The Rockies have officially agreed to a contract with free-agent closer Wade Davis, as Jeff Passan of Yahoo Sports first reprted. Davis, a client of Jet Sports Management, receives a three-year, $52MM contract that includes a vesting player option for a fourth season which could take the deal’s value to $66MM over four years. That contract’s $17.33MM annual value is a record among relievers, Passan notes.
The fourth-year option, worth $15MM, will vest as a player option for the 2021 season if Davis finishes 30 games in 2020. If it does not vest, it’ll instead be a mutual option with a $1MM buyout, per Passan. Joel Sherman of the New York Post reports (via Twitter) that Davis will earn $16MM in 2018, $18MM in 2019 and $17MM in 2020. FanRag’s Jon Heyman tweets that Davis’s deal includes a $1MM assignment bonus if he is traded, adding that he’ll also pick up full no-trade rights after being traded once.
The addition of Davis seems likely to end the Rockies’ pursuit of a reunion with 2017 closer Greg Holland, who declined a $15MM player option and rejected a $17.4MM qualifying offer following the season. Davis, too, rejected a qualifying offer, meaning he’ll cost the Rockies a pick in the 2018 draft.
As a team that benefited from revenue sharing and did not exceed the luxury tax in 2017, the Rockies will forfeit their third-highest selection in next year’s draft. For the Rockies, who have a selection in Competitive Balance Round A, their third-highest pick will be their second-round selection in 2018. The Cubs, meanwhile, will secure a compensatory pick after Competitive Balance Round B. (While Davis’ contract is north of $50MM, the Cubs are a revenue sharing payor, thus disqualifying them for compensation after the first round of the draft.)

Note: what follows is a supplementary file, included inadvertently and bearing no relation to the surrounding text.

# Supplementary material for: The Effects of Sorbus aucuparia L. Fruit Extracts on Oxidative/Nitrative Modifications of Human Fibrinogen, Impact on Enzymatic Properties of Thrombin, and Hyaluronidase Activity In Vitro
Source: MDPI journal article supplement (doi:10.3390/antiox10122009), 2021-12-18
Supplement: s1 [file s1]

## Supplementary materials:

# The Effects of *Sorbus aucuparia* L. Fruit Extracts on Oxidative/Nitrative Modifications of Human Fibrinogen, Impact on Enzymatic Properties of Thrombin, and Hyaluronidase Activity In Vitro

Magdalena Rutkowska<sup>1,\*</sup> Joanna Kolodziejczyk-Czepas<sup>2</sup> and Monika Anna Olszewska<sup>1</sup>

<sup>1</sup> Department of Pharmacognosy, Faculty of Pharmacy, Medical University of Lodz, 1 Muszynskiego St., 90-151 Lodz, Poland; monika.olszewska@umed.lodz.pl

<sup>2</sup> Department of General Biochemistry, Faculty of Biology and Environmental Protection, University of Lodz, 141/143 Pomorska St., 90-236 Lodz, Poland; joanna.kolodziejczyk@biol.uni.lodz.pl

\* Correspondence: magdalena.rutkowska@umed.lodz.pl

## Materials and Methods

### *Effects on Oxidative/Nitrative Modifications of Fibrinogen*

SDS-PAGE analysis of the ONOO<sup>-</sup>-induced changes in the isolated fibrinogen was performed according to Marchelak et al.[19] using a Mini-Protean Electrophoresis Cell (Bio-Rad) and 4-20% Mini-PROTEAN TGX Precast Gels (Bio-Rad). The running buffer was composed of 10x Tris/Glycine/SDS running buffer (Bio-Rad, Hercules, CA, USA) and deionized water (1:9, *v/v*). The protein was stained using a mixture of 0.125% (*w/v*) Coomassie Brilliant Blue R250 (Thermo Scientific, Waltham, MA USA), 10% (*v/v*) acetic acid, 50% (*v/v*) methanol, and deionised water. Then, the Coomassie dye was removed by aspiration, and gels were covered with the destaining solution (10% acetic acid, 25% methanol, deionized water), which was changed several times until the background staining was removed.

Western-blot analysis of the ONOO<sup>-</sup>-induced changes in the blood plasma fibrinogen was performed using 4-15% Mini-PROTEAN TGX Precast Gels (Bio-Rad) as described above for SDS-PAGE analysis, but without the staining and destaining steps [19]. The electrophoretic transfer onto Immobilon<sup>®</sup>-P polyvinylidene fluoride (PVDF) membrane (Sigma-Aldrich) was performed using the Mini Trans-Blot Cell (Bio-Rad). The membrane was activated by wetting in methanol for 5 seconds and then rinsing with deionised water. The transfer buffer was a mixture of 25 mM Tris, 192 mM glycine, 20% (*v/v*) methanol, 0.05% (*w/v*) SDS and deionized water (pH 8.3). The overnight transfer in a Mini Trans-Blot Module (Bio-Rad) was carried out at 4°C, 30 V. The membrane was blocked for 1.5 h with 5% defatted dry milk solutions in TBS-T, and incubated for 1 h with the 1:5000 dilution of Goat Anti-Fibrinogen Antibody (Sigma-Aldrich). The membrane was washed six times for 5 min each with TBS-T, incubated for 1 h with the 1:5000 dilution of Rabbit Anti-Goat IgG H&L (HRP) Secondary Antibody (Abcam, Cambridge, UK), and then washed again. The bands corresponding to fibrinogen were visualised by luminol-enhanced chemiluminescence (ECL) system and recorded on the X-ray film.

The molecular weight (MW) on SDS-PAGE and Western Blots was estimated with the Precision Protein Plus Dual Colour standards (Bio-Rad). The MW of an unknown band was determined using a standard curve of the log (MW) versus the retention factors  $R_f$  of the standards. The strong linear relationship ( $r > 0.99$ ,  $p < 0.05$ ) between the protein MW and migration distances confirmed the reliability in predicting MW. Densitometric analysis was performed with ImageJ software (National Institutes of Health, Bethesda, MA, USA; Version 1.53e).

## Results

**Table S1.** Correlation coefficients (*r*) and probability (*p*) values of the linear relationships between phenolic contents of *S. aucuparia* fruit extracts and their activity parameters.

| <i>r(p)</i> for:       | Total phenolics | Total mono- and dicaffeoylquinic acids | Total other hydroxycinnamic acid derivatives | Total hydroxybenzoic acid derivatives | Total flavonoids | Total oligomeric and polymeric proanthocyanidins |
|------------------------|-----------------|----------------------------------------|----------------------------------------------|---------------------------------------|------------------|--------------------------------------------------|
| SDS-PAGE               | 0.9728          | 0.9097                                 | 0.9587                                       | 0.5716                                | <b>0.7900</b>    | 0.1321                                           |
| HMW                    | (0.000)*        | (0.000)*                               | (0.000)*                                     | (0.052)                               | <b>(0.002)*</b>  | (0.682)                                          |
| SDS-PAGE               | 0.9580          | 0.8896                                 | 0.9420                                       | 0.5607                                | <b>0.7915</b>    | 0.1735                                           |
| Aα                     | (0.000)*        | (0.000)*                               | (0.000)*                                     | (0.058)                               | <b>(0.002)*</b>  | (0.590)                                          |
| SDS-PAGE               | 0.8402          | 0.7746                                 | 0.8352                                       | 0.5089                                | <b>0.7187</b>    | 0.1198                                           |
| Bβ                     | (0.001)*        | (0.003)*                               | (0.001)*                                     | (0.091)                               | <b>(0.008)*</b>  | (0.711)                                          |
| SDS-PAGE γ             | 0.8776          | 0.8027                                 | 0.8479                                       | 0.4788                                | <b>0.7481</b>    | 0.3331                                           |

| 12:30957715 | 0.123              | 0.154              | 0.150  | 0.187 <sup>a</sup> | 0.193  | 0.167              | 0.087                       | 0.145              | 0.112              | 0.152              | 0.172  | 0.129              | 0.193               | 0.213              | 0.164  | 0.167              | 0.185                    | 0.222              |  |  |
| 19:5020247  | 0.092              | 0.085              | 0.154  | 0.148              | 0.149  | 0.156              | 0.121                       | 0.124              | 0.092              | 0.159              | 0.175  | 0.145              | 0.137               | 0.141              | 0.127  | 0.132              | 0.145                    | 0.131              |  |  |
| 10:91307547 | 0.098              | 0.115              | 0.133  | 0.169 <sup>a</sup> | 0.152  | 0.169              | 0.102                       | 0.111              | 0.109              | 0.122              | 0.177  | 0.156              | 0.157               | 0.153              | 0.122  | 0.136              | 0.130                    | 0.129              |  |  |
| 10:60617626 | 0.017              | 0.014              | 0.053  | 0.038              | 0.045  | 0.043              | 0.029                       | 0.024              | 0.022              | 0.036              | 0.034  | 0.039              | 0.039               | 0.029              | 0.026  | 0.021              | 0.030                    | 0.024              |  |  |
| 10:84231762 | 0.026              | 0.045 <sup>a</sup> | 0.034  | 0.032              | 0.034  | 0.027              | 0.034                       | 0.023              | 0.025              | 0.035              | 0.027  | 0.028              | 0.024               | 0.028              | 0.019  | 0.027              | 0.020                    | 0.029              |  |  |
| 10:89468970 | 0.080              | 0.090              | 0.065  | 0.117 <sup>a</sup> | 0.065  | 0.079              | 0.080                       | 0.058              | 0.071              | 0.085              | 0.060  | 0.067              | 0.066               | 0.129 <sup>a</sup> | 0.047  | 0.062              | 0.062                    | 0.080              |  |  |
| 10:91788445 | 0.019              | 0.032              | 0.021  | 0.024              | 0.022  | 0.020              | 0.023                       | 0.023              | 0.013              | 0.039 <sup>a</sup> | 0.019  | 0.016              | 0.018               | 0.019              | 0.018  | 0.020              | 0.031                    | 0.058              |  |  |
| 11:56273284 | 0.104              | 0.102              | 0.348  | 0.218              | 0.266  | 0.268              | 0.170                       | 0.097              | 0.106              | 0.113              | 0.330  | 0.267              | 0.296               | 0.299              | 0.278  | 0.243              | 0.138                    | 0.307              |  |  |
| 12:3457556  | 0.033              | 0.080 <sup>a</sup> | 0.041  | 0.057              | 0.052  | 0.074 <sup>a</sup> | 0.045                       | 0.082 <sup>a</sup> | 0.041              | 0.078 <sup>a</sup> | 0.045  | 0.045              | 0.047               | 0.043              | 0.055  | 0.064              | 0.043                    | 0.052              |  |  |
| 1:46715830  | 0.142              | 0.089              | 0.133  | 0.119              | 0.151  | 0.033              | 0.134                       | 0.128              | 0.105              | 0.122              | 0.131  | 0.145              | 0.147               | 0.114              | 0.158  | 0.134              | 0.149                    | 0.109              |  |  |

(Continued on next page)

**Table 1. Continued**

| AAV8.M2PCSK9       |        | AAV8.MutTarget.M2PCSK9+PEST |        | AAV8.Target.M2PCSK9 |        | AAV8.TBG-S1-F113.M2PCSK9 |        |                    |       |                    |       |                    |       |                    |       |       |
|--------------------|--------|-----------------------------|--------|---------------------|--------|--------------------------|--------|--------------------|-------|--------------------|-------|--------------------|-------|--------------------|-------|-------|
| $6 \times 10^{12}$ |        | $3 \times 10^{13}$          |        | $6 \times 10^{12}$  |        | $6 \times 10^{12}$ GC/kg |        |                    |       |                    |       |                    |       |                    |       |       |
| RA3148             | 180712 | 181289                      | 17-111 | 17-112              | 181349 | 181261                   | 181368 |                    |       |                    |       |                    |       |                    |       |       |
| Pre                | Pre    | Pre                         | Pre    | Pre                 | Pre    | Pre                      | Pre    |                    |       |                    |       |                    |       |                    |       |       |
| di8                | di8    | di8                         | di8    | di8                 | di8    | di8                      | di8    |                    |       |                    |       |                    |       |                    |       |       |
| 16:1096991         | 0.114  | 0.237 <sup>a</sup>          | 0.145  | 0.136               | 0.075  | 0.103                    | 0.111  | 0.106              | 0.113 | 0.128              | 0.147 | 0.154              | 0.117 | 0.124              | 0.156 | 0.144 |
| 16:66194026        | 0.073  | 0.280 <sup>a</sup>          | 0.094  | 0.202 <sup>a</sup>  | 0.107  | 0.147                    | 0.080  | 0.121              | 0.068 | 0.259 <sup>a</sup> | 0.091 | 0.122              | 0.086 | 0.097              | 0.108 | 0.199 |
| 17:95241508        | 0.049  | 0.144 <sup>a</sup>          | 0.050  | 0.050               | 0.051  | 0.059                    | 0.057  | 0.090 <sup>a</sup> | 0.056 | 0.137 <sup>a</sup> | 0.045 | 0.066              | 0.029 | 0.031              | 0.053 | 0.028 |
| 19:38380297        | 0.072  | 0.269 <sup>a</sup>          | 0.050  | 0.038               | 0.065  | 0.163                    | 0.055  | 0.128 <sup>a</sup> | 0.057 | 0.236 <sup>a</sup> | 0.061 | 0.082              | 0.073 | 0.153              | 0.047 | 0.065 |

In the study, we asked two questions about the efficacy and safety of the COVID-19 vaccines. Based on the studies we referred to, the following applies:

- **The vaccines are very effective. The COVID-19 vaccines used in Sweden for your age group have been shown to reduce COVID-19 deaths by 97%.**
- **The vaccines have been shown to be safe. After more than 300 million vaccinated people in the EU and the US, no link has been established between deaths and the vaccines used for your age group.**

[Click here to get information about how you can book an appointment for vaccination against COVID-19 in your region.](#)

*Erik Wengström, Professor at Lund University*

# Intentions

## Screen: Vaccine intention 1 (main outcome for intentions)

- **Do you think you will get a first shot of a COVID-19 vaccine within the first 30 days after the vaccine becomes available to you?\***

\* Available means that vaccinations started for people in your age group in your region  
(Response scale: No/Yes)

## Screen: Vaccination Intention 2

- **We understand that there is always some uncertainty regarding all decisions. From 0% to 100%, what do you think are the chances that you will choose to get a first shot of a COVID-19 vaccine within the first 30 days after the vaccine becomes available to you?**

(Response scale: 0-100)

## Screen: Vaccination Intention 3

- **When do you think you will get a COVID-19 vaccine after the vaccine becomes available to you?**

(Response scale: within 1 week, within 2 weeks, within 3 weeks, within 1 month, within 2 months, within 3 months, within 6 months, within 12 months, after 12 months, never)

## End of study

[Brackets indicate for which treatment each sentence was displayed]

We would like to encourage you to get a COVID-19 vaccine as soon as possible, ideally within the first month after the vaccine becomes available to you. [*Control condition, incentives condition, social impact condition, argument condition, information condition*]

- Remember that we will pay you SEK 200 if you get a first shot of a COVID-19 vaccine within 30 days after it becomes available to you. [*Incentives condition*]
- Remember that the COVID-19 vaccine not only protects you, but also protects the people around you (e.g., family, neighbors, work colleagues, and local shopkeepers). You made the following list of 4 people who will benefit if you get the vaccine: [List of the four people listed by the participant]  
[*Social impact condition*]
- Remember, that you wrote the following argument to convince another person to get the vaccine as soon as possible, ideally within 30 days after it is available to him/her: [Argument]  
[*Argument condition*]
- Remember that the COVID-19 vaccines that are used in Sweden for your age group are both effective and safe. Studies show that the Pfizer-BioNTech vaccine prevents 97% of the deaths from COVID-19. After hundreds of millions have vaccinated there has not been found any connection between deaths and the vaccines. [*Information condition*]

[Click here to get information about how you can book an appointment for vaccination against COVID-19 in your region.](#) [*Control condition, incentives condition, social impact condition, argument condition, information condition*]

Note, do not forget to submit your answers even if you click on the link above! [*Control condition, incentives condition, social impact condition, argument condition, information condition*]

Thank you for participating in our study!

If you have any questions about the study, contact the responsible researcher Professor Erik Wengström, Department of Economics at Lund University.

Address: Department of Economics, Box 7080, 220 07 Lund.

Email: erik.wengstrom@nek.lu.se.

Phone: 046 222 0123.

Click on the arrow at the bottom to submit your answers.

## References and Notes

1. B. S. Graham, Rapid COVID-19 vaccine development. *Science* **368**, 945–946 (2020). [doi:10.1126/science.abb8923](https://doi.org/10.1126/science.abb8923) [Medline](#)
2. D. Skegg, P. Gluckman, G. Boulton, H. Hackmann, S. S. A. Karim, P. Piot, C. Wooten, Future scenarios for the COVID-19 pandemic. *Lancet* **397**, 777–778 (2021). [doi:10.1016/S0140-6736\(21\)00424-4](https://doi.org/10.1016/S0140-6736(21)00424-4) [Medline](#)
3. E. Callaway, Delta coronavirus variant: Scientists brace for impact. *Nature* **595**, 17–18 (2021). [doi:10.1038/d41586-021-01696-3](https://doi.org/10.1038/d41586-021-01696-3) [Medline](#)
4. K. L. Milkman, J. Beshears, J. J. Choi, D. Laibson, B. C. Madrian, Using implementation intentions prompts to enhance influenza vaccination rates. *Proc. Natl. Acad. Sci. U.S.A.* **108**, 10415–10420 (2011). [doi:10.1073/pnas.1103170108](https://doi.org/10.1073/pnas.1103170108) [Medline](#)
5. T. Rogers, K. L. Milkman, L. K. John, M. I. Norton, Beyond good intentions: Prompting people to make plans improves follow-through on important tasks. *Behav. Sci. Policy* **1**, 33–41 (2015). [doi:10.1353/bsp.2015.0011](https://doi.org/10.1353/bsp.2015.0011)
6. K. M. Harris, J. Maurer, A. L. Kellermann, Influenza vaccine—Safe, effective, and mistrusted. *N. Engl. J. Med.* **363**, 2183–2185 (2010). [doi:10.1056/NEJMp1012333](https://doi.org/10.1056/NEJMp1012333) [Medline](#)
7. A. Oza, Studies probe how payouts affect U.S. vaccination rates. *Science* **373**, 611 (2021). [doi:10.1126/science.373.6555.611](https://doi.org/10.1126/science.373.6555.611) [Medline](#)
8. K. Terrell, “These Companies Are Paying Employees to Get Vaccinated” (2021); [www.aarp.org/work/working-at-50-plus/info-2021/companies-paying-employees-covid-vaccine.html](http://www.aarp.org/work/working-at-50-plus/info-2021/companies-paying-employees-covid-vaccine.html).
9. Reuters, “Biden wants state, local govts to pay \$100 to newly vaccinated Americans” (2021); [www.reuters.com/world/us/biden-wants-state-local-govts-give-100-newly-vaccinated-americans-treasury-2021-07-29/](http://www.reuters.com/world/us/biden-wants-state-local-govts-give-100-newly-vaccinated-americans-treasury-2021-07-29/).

Colorado has clearly identified the bullpen as an area of focus this offseason, as they’ve now dished out more than $100MM worth of guarantees in the form of Davis’ $52MM and the respective three-year, $27MM deals given to lefty Jake McGee and right-hander Bryan Shaw. That continues the aggressive bullpen spending the team began last winter when signing Mike Dunn and Holland in free agency.
Davis, of course, will capably step into the void left by Holland’s departure and could very well serve as an upgrade. In 58 2/3 innings with the Cubs last year, Davis pitched to a 2.30 ERA with 12.1 K/9, 4.3 BB/9 and a 40.5 percent ground-ball rate while collecting 32 saves. Those excellent run-prevention numbers continued an impressive run of dominance for Davis, who owns a 1.45 ERA in 241 1/3 innings since converting to a reliever on a full-time basis in 2014.
The 2017 season wasn’t without red flags, though. Davis’ 40.5 percent grounder rate marked a significant drop-off from the 48.5 percent clip he posted in 2016, and his 94.3 mph average fastball velocity was his lowest since moving to the bullpen. That velocity drop is all the more troubling when juxtaposed with a 2016 season in which Davis landed on the disabled list with a forearm strain.
There’s risk in any long-term deal for a reliever, though, and the Rockies’ aggressive spending in this market has demonstrated less aversion to those perils than most clubs throughout the league. For a Colorado team that features a very young and largely inexperienced rotation, the stockpiling of quality relief arms will help manager Bud Black to lessen the workload of his young arms by leaning more heavily on a group of experienced late-inning options.
Of course, it’s worth bearing in mind that the three additions won’t necessarily enhance the Rockies’ 2018 unit beyond the one it possessed in the season prior. By the end of the season, the relief corps included Holland, McGee, and midseason trade acquisition Pat Neshek. At a minimum, though, the organization can likely now anticipate that it’ll enter the coming season with a relief group that’s as good or better than its productive ’17 outfit.
Photo courtesy of USA Today Sports Images.